I am uneasy with the claim that “Pose is about as mainstream as you can get” and even more uneasy with the idea that “This is a culture, a community, and a history that deserves the prestige television treatment.”
I return to Cathy Cohen’s desire for queer politics:
Many of us continue to search for a new political direction and agenda, one that does not focus on integration into dominant structures but instead seeks to transform the basic fabric and hierarchies that allow systems of oppression to persist and operate efficiently. (“Punks, Bulldaggers, and Welfare Queens”)
If you are rolling your eyes at this (very) predictable move—use elite political theorist in elite journal to critique cultural criticism appearing in non-academic spaces—please note that I am also rolling my eyes. I love Cohen’s article and it is, for me, one of the foundational works in my queer canon. But I can also see the theoretical apparatus, the polysyllabic words.
While Will & Grace and Queer as Folk did not represent people like me—whatever that “like me” means—they made certain aspects of my being in public more possible, at least in the U.S. of the 1990s. As a beneficiary of mainstream representation, I have no desire to deny its power. Affirmation is important.
Yet, by training and inclination, I am drawn to minoritized works. Works that are illegible within mainstreams logics and practices. And, certainly, the ephemeral canons of queer thinking have tended to favor non-mainstream works that unsettle dominant, queer-making, queer-erasing, queer-killing imaginations.
Perhaps what I feel is generational. Perhaps I simply do not get Pose and the role of mainstream queer representation. I itch when “mainstream” and “queer” are juxtaposed.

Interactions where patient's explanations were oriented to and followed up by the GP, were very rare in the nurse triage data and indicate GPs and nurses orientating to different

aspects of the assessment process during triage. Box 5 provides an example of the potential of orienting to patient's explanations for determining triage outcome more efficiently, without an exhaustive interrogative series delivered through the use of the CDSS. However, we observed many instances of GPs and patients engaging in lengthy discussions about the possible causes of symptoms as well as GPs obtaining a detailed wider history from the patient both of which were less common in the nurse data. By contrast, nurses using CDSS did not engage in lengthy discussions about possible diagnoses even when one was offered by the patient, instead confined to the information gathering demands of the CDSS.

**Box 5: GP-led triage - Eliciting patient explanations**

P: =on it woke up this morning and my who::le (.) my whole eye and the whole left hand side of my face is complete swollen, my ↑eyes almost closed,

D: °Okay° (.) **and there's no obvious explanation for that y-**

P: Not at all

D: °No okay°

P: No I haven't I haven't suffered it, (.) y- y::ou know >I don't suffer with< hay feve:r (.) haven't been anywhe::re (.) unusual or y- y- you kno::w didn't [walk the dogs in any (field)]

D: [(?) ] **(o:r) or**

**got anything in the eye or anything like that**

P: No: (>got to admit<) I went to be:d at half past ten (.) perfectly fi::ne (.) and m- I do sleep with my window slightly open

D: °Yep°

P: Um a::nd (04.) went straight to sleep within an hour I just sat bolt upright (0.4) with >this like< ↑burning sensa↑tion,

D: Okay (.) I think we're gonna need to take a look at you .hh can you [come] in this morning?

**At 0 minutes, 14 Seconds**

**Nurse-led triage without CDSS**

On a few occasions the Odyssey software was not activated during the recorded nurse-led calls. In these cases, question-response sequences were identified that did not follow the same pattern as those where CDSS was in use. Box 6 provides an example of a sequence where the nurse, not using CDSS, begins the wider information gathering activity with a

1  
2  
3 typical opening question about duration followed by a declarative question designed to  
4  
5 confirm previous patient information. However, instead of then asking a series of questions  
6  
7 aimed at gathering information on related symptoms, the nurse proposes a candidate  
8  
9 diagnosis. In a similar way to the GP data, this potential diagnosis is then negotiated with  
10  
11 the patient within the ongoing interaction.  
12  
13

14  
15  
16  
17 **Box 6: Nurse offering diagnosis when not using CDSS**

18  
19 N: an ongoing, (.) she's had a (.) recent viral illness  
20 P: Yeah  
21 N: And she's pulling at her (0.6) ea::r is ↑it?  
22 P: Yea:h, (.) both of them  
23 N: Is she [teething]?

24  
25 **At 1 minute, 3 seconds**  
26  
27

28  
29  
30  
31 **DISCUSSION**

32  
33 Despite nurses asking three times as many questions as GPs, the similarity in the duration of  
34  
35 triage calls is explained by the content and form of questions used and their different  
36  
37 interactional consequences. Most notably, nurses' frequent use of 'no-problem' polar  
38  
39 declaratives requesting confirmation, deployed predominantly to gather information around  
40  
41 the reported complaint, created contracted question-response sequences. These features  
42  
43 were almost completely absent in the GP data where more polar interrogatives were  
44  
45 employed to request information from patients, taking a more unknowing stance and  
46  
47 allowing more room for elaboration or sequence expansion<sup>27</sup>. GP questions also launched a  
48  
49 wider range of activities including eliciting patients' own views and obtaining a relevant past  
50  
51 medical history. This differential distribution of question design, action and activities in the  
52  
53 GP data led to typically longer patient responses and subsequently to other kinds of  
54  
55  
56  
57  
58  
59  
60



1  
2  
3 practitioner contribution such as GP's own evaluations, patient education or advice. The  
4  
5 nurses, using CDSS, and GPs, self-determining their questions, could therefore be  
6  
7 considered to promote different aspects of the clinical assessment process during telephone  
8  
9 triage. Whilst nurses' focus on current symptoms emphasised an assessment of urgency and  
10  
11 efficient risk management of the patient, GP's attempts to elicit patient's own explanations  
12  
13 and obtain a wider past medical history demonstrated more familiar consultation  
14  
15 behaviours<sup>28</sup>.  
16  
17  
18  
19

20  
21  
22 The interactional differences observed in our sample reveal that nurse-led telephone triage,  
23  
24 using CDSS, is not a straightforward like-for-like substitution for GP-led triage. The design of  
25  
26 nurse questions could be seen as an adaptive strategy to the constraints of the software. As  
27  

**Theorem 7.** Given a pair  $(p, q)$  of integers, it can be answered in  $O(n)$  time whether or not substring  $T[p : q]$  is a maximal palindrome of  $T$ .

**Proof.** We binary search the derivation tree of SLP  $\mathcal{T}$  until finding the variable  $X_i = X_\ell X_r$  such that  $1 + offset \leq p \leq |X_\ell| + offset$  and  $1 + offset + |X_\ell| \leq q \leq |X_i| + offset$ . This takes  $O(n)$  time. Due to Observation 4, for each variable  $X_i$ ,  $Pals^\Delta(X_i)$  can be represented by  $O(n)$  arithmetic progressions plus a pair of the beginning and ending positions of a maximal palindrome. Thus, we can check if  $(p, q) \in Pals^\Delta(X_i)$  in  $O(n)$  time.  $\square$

Pose is set in 1987.
On February 4, 1987, Liberace died from an AIDS-related illness.
In March, ACT-UP was founded in New York City
On May 31, Ronald Reagan made his first public speech about AIDS
In October, AIDS became the first disease debated on the floor of the United Nations General Assembly (HIV Timeline)
In October, a special issue of the journal October was published. Titled AIDS: Cultural Analysis/Cultural Activism, it featured necessary articles by Paula Treichler, Douglas Crimp, Leo Bersani, and the Persons with AIDS (PWA) Coalition.
Early in the first episode, Blanca Rodriguez (MJ Rodriguez) visits a clinic and is told she has HIV. It is, she knows, a death sentence. After a conversation with Pray Tell (Billy Porter), Blanca decides to form her own house, to seize as much life as she can while she still can.
Perhaps what I am getting at are the different ways Pose speaks across generations, to what catches and holds attention. Much as I found the displays of fabulousness interesting, I was captured by the familiarity of institutional walls, waiting rooms, receiving test results, plotting a life or death after receiving test results. I am struck by Blanca’s isolation: attending the clinic on her own, navigating disclosure.
A longstanding interest in the quotidian—the ordinary—now manifests itself as an interest in work that is post- or anti-fabulous. Sarah Schulman worries that younger queer people simply have no experience of AIDS—this differs across race and income and geohistory, but still. She writes, “When the ACT UPers were in their twenties, they were dying.” And notes a generational divide marked by “suffering and trauma for some, and the vague unknowing for others.” Perhaps my premature concern is that a desire for affirmative representation in the register of the fabulous too easily—and readily—overshadows quotidian grottiness. And that in the many celebrations of Pose, the fabulous takes precedence over the barely surviving.
What remains pedagogical in me understands cultural products as occasions for collective deliberation. Perhaps as Pose continues and I encounter other responses to it, I will revisit my initial reservations. Perhaps as Pose continues, I will figure out the relationship between affirmative mainstream representation and the ongoing work of pursuing and practicing freedom.